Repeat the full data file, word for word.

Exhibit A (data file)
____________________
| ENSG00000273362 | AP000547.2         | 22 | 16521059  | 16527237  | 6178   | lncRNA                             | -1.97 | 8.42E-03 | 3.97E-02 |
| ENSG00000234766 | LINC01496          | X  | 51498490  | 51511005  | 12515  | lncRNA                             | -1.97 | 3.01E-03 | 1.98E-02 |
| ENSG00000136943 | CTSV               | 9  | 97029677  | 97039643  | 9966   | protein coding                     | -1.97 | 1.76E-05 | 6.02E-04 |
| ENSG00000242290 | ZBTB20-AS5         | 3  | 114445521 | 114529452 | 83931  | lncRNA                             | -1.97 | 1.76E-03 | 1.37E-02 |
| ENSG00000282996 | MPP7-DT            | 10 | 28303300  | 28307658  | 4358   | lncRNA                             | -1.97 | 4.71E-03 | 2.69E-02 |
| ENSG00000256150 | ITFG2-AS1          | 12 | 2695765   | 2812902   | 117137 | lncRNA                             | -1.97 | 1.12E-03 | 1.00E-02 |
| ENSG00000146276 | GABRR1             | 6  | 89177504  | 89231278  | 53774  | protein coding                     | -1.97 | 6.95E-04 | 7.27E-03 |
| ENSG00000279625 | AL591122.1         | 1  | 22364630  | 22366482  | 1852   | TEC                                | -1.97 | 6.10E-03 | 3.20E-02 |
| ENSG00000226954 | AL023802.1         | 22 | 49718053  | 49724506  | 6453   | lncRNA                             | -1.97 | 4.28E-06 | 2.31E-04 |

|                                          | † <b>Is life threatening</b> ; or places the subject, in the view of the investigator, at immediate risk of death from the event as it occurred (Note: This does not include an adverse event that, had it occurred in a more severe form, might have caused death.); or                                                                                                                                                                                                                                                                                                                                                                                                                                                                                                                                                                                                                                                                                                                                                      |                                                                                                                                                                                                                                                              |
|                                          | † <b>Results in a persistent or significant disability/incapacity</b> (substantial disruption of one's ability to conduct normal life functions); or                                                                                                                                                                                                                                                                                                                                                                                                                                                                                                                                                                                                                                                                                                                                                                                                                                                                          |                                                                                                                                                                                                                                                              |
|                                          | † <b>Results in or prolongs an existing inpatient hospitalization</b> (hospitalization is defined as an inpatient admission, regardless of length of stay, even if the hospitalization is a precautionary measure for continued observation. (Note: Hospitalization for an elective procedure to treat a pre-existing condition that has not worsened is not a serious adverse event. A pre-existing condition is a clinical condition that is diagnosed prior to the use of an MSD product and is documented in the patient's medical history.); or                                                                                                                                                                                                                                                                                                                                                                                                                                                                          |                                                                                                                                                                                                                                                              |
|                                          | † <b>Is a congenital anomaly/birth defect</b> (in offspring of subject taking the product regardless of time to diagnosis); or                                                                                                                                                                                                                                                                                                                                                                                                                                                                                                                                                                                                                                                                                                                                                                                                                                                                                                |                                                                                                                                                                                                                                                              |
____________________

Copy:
| ENSG00000273362 | AP000547.2         | 22 | 16521059  | 16527237  | 6178   | lncRNA                             | -1.97 | 8.42E-03 | 3.97E-02 |
| ENSG00000234766 | LINC01496          | X  | 51498490  | 51511005  | 12515  | lncRNA                             | -1.97 | 3.01E-03 | 1.98E-02 |
| ENSG00000136943 | CTSV               | 9  | 97029677  | 97039643  | 9966   | protein coding                     | -1.97 | 1.76E-05 | 6.02E-04 |
| ENSG00000242290 | ZBTB20-AS5         | 3  | 114445521 | 114529452 | 83931  | lncRNA                             | -1.97 | 1.76E-03 | 1.37E-02 |
| ENSG00000282996 | MPP7-DT            | 10 | 28303300  | 28307658  | 4358   | lncRNA                             | -1.97 | 4.71E-03 | 2.69E-02 |
| ENSG00000256150 | ITFG2-AS1          | 12 | 2695765   | 2812902   | 117137 | lncRNA                             | -1.97 | 1.12E-03 | 1.00E-02 |
| ENSG00000146276 | GABRR1             | 6  | 89177504  | 89231278  | 53774  | protein coding                     | -1.97 | 6.95E-04 | 7.27E-03 |
| ENSG00000279625 | AL591122.1         | 1  | 22364630  | 22366482  | 1852   | TEC                                | -1.97 | 6.10E-03 | 3.20E-02 |
| ENSG00000226954 | AL023802.1         | 22 | 49718053  | 49724506  | 6453   | lncRNA                             | -1.97 | 4.28E-06 | 2.31E-04 |

|                                          | † <b>Is life threatening</b> ; or places the subject, in the view of the investigator, at immediate risk of death from the event as it occurred (Note: This does not include an adverse event that, had it occurred in a more severe form, might have caused death.); or                                                                                                                                                                                                                                                                                                                                                                                                                                                                                                                                                                                                                                                                                                                                                      |                                                                                                                                                                                                                                                              |
|                                          | † <b>Results in a persistent or significant disability/incapacity</b> (substantial disruption of one's ability to conduct normal life functions); or                                                                                                                                                                                                                                                                                                                                                                                                                                                                                                                                                                                                                                                                                                                                                                                                                                                                          |                                                                                                                                                                                                                                                              |
|                                          | † <b>Results in or prolongs an existing inpatient hospitalization</b> (hospitalization is defined as an inpatient admission, regardless of length of stay, even if the hospitalization is a precautionary measure for continued observation. (Note: Hospitalization for an elective procedure to treat a pre-existing condition that has not worsened is not a serious adverse event. A pre-existing condition is a clinical condition that is diagnosed prior to the use of an MSD product and is documented in the patient's medical history.); or                                                                                                                                                                                                                                                                                                                                                                                                                                                                          |                                                                                                                                                                                                                                                              |
|                                          | † <b>Is a congenital anomaly/birth defect</b> (in offspring of subject taking the product regardless of time to diagnosis); or                                                                                                                                                                                                                                                                                                                                                                                                                                                                                                                                                                                                                                                                                                                                                                                                                                                                                                |                                                                                                                                                                                                                                                              |